BREXIT BRITAIN could adopt a Turkey-style arrangement when it cuts ties with the European Union, trade expert Allie Renison has claimed.
The Institute of Directors (IoD), a business trade body, has claimed the UK could adopt a Brexit agreement similar to that of Turkey when cutting ties with Brussels.
Doing so would mean the UK would have a “partial customs union in conjunction with a wider trade agreement”.
Allie Renison, Head of Trade Policy at the IoD claimed this would allow the UK to still strike trade deals with the rest of the world, pleasing Brexiteers.
Speaking on Sky News, Ms Renison said: “We know the UK is leaving the EU’s customs union, that is a function of the EU’s treaties and they fall away when we leave the EU. I think that is beyond doubt at this stage.
“What the EU’s customs union does is stop the UK from negotiating its own trade agreements.
“What the IOD has suggested, is to be able to negotiate its own trade agreements but also to minimise the cost to manufacturing in particular, is suggested a partial customs union in conjunction with a wider trade agreement for the areas that wouldn’t be covered, focusing predominately on industrial goods because that create a huge solution for manufacturing.
“It wouldn’t be the silver bullet, I think people have to be clear a customs union alone, whether full or partial wouldn’t solve the Irish border on its own, but its one of the many important pieces in the puzzle.”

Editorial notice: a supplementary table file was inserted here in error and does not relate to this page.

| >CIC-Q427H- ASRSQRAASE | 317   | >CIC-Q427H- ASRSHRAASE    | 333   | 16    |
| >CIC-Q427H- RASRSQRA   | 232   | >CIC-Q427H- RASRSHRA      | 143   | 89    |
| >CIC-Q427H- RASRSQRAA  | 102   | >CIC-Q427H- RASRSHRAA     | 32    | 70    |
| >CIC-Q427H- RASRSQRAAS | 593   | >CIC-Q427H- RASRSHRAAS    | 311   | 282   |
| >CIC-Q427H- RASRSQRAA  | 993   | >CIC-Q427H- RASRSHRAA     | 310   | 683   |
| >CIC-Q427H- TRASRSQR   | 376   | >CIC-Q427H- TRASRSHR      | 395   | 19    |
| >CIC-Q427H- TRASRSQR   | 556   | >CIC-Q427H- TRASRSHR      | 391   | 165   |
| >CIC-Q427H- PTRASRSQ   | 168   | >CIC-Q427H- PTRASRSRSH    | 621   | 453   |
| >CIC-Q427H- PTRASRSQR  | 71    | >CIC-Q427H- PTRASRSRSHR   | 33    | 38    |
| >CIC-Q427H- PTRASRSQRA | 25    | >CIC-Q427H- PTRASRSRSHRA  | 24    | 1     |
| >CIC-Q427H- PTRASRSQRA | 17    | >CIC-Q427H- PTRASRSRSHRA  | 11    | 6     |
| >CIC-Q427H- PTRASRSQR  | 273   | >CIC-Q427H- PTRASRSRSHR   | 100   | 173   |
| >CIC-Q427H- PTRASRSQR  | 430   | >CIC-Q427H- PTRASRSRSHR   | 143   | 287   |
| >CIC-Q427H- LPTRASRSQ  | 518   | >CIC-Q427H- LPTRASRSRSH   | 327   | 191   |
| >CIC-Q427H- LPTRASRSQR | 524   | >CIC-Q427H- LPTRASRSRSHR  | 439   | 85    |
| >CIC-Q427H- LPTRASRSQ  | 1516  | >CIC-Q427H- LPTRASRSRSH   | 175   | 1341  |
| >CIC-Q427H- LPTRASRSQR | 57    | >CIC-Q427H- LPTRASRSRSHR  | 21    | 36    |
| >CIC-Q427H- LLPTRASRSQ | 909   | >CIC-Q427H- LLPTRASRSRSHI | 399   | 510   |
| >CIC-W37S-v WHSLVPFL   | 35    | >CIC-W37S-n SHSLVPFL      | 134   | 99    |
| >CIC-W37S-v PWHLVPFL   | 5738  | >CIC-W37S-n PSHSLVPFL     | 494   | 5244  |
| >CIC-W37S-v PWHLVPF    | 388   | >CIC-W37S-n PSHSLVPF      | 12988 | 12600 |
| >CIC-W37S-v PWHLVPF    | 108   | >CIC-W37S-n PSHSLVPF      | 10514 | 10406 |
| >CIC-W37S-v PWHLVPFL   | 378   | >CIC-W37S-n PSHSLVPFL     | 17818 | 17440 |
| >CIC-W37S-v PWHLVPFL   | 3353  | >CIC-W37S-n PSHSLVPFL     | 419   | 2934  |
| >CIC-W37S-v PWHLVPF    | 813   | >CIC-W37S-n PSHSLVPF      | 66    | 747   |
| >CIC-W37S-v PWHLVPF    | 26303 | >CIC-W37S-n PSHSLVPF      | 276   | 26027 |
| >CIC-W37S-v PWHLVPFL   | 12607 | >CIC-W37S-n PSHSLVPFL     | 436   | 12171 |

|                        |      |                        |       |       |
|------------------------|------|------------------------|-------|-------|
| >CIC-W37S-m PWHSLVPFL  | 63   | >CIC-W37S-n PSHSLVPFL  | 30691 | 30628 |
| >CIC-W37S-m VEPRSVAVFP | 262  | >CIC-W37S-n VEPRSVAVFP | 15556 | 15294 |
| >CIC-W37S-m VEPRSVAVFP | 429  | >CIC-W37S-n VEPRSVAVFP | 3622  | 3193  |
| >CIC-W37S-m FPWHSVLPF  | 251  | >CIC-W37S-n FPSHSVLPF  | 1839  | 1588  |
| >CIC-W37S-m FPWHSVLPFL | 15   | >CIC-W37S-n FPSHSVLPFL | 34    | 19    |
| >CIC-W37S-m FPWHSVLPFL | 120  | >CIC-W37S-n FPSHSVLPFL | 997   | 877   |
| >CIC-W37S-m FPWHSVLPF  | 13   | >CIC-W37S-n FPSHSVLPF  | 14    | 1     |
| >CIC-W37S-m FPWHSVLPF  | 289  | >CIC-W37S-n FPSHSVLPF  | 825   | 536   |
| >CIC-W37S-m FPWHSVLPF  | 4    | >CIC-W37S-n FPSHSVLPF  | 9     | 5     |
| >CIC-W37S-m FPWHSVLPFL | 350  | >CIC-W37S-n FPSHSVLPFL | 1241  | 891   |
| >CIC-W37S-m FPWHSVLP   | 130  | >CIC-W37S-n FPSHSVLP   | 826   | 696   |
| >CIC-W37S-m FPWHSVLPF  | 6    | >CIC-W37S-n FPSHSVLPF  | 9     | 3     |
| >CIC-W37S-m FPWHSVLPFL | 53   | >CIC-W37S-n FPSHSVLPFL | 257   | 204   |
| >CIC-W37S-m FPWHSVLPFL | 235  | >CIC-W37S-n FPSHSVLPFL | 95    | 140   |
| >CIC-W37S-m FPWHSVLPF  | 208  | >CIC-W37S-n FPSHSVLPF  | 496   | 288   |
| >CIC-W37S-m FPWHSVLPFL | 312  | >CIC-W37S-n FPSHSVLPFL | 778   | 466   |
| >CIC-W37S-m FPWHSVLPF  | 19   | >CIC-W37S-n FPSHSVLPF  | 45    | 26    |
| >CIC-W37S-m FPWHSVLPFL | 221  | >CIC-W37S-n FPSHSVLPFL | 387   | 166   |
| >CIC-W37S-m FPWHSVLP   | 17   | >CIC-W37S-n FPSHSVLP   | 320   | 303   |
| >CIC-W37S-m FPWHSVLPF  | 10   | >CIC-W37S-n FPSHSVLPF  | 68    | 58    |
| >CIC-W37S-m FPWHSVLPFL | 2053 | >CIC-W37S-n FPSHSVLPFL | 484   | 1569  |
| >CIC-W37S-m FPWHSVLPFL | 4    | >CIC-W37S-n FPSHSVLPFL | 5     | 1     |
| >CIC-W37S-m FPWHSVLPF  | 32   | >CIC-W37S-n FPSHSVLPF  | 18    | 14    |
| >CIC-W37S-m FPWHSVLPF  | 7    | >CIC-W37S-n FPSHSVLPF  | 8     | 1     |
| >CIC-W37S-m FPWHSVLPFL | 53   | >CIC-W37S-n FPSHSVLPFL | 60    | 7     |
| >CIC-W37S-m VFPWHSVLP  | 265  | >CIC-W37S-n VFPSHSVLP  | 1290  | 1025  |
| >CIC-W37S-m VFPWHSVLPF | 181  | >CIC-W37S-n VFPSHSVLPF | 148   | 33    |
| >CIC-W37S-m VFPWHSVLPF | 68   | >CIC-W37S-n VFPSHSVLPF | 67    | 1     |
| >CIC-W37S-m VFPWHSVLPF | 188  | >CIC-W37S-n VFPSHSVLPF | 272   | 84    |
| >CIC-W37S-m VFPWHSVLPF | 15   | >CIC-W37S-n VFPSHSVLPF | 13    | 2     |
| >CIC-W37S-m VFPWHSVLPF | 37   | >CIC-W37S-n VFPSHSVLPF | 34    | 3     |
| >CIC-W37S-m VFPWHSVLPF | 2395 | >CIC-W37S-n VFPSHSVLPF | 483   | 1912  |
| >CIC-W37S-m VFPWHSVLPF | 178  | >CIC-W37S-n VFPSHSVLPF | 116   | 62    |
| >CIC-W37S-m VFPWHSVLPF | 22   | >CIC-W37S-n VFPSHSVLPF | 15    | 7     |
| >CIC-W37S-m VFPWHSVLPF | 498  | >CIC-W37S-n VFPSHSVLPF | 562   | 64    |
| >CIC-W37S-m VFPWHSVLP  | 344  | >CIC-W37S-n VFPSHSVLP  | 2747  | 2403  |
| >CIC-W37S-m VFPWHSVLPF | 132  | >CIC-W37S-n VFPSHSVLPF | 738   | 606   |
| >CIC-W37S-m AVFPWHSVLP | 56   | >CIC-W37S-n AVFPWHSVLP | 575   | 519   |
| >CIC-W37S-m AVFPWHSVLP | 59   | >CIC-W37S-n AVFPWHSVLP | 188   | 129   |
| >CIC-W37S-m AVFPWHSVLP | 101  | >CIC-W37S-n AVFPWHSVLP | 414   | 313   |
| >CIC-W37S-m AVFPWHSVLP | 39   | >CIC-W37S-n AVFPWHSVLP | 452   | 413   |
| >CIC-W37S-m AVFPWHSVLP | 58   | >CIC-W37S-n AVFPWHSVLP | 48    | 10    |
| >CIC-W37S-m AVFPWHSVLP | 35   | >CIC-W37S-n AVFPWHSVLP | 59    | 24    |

The host stepped in suggesting the proposal was very much like “cake and eat it”.
We know the UK is leaving the EU’s customs union…that is beyond doubt at this stage
Ms Renison replied: “No not necessarily, because there is one in existence in terms of having a partial customs union, Turkey has a customs union arrangement with the EU’s customs union.
“There are currently ways being explored to upgrade and modernise it to give Turkey a bit more input into the areas, for example, when the EU negotiates trade agreements, to make sure the tariffs are met on industrial goods, they get access to the other countries markets as well.
“It certainly does exist as a precedent for a partial and limited customs union.”
The comments come as the Brexit Secretary answered questions in the Exiting the European Union Committee about Britain’s future relationship with the EU.
Mr Davis was also asked would happen if the Government was defeated in a vote over its plans to leave the customs union, an amendment pushed forward by the House of Lords this week.
He replied: “I’m not going to enter into hypotheticals. I expect the Government’s policy to be upheld.
“The Government always respects Parliament but I expect the Government’s position to be upheld.”